Judy Magee, Tim Schultz, and Dirk Weber are all running for election to two open seats on the Clintonville School Board.
Schultz and Weber are incumbents, while Magee is the challenger.
The County Post East sent surveys to each candidate. The survey questions, along with each candidates’ answer, are listed below.
Please tell us about your background, qualifications, and why you are interested in running for school board.
Magee: I grew up in Clintonville and am a life-long resident (66 years). I also worked for 45 years at Clintonville High School. I have been interested in running for school board since I retired in 2009. I think the right time is now. I have gained a tremendous amount of valuable experience in being an elected official through my positions as city alderperson and mayor. I can bring that wealth of knowledge to the school board. While I am grateful to all who have and currently serve on the board, I think there is always room for an experienced newcomer to offer a new perspective on issues we face. Currently there is not a representative from the City of Clintonville on the school board.
Schultz: I am a Clintonville High School graduate, 1974. I am running for re-election because my term is up.
Weber: I was a veterinarian for 30 years. I retired recently. My wife Cathy and I have lived in Clintonville for 27 years. We have three adult sons who all graduated from Clintonville High School. I have been on the board of education for 15 years. I have also served on the CESA 8 Board of Control.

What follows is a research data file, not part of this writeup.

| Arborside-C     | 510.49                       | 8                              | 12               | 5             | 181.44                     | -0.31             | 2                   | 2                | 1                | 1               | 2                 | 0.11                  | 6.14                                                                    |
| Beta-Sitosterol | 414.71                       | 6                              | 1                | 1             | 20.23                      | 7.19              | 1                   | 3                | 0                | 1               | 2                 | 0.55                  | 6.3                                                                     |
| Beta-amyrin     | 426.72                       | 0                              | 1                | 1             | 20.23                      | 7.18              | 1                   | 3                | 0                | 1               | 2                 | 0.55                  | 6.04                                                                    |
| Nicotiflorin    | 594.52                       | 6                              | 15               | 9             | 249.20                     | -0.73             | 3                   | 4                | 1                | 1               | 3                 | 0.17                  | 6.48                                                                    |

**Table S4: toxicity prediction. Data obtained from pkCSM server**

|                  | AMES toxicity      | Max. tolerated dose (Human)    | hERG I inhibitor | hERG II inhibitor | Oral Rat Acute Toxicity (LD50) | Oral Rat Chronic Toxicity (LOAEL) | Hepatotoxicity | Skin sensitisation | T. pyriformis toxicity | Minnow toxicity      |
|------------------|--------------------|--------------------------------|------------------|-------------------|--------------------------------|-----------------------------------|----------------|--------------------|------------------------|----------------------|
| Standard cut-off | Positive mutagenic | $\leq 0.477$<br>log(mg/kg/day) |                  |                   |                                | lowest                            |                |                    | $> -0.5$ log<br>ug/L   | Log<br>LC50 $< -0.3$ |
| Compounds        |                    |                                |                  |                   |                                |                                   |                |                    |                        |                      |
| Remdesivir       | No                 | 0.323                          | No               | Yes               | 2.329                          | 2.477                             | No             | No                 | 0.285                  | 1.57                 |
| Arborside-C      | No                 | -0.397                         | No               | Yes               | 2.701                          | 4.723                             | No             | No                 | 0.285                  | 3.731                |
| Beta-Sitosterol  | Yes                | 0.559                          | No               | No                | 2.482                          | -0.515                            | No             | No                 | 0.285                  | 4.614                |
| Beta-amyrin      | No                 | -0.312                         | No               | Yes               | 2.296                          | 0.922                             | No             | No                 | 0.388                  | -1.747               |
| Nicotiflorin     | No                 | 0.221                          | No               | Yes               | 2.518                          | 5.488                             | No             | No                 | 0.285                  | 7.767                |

Many residents have scrutinized the school board’s use of closed session on recent occasions. Do you feel the board could be more open with its discussions, reasons for adjourning into closed session, and record keeping? Why or why not?
Magee: I think that every organization and business can innocently make mistakes. However, once someone or a group like the school board becomes aware of a mistake, or a way that things like open meetings and open records could be done better, an effort should be made to improve. The school board has been confronted for months about various issues and in almost every occasion most members have sat quietly at the meetings and failed to make changes. It is not the original interpretation or choice that I find fault with but the lack of change after things have been pointed out that I think are wrong. I think the school board should rely on the administrators for answers but not in such a way that they are lead blindly without asking additional questions, asking for clarification or asking for supporting data. I assure the voters that I will ask questions and listen to my constituents, which includes residents, parents, business owners, community leaders, school staff and students. I feel that at times the school leadership does not recognize that their “constituents” includes all of these groups. It takes each of these groups to make our schools successful – not just those that operate on the inside of the school system.
Schultz: I think our use of closed session has been appropriate. Personnel issues should not be discussed in public. Our employees have rights, too.